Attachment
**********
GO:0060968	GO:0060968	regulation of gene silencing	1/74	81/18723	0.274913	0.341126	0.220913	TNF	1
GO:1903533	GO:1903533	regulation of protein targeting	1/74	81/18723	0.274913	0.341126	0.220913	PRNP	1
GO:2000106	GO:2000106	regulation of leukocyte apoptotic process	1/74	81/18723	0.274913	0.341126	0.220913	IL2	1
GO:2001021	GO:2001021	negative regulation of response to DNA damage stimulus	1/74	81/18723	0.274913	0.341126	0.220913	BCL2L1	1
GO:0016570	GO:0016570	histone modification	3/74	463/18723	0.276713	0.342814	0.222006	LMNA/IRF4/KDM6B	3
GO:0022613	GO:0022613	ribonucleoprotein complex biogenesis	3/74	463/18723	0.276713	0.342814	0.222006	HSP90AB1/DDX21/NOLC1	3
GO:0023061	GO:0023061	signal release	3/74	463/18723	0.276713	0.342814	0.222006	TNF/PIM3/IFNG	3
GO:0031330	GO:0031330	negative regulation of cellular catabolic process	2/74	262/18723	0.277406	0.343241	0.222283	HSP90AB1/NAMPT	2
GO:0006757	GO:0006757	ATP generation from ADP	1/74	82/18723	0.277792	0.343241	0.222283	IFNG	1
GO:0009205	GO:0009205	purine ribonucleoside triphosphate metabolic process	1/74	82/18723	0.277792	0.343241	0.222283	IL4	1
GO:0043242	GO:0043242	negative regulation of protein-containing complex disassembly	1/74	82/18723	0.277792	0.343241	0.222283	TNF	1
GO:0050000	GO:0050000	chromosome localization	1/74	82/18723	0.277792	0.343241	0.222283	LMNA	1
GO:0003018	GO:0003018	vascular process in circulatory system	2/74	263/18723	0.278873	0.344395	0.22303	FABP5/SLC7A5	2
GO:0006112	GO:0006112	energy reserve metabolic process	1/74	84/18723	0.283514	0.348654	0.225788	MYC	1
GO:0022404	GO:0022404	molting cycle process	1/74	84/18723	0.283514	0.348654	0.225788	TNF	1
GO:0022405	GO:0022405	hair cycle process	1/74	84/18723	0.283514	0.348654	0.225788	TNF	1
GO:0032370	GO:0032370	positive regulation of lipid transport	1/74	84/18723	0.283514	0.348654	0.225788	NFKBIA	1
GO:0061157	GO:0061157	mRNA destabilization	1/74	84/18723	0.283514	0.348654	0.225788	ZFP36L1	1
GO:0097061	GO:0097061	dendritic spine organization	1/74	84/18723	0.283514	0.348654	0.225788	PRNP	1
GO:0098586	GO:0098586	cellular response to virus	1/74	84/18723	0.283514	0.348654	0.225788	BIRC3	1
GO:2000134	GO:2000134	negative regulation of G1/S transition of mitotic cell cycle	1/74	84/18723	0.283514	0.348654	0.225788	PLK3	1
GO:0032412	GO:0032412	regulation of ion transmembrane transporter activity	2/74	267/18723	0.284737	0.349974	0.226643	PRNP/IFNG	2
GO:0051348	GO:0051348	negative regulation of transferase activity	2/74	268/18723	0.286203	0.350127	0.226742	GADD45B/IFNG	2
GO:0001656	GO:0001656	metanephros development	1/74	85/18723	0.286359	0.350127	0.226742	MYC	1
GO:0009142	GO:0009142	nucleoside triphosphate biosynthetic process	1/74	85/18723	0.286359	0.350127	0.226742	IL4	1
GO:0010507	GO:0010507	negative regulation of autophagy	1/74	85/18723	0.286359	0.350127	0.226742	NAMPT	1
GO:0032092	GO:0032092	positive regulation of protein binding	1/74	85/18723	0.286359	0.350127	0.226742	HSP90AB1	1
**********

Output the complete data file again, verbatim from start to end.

GO:0060968	GO:0060968	regulation of gene silencing	1/74	81/18723	0.274913	0.341126	0.220913	TNF	1
GO:1903533	GO:1903533	regulation of protein targeting	1/74	81/18723	0.274913	0.341126	0.220913	PRNP	1
GO:2000106	GO:2000106	regulation of leukocyte apoptotic process	1/74	81/18723	0.274913	0.341126	0.220913	IL2	1
GO:2001021	GO:2001021	negative regulation of response to DNA damage stimulus	1/74	81/18723	0.274913	0.341126	0.220913	BCL2L1	1
GO:0016570	GO:0016570	histone modification	3/74	463/18723	0.276713	0.342814	0.222006	LMNA/IRF4/KDM6B	3
GO:0022613	GO:0022613	ribonucleoprotein complex biogenesis	3/74	463/18723	0.276713	0.342814	0.222006	HSP90AB1/DDX21/NOLC1	3
GO:0023061	GO:0023061	signal release	3/74	463/18723	0.276713	0.342814	0.222006	TNF/PIM3/IFNG	3
GO:0031330	GO:0031330	negative regulation of cellular catabolic process	2/74	262/18723	0.277406	0.343241	0.222283	HSP90AB1/NAMPT	2
GO:0006757	GO:0006757	ATP generation from ADP	1/74	82/18723	0.277792	0.343241	0.222283	IFNG	1
GO:0009205	GO:0009205	purine ribonucleoside triphosphate metabolic process	1/74	82/18723	0.277792	0.343241	0.222283	IL4	1
GO:0043242	GO:0043242	negative regulation of protein-containing complex disassembly	1/74	82/18723	0.277792	0.343241	0.222283	TNF	1
GO:0050000	GO:0050000	chromosome localization	1/74	82/18723	0.277792	0.343241	0.222283	LMNA	1
GO:0003018	GO:0003018	vascular process in circulatory system	2/74	263/18723	0.278873	0.344395	0.22303	FABP5/SLC7A5	2
GO:0006112	GO:0006112	energy reserve metabolic process	1/74	84/18723	0.283514	0.348654	0.225788	MYC	1
GO:0022404	GO:0022404	molting cycle process	1/74	84/18723	0.283514	0.348654	0.225788	TNF	1
GO:0022405	GO:0022405	hair cycle process	1/74	84/18723	0.283514	0.348654	0.225788	TNF	1
GO:0032370	GO:0032370	positive regulation of lipid transport	1/74	84/18723	0.283514	0.348654	0.225788	NFKBIA	1
GO:0061157	GO:0061157	mRNA destabilization	1/74	84/18723	0.283514	0.348654	0.225788	ZFP36L1	1
GO:0097061	GO:0097061	dendritic spine organization	1/74	84/18723	0.283514	0.348654	0.225788	PRNP	1
GO:0098586	GO:0098586	cellular response to virus	1/74	84/18723	0.283514	0.348654	0.225788	BIRC3	1
GO:2000134	GO:2000134	negative regulation of G1/S transition of mitotic cell cycle	1/74	84/18723	0.283514	0.348654	0.225788	PLK3	1
GO:0032412	GO:0032412	regulation of ion transmembrane transporter activity	2/74	267/18723	0.284737	0.349974	0.226643	PRNP/IFNG	2
GO:0051348	GO:0051348	negative regulation of transferase activity	2/74	268/18723	0.286203	0.350127	0.226742	GADD45B/IFNG	2
GO:0001656	GO:0001656	metanephros development	1/74	85/18723	0.286359	0.350127	0.226742	MYC	1
GO:0009142	GO:0009142	nucleoside triphosphate biosynthetic process	1/74	85/18723	0.286359	0.350127	0.226742	IL4	1
GO:0010507	GO:0010507	negative regulation of autophagy	1/74	85/18723	0.286359	0.350127	0.226742	NAMPT	1
GO:0032092	GO:0032092	positive regulation of protein binding	1/74	85/18723	0.286359	0.350127	0.226742	HSP90AB1	1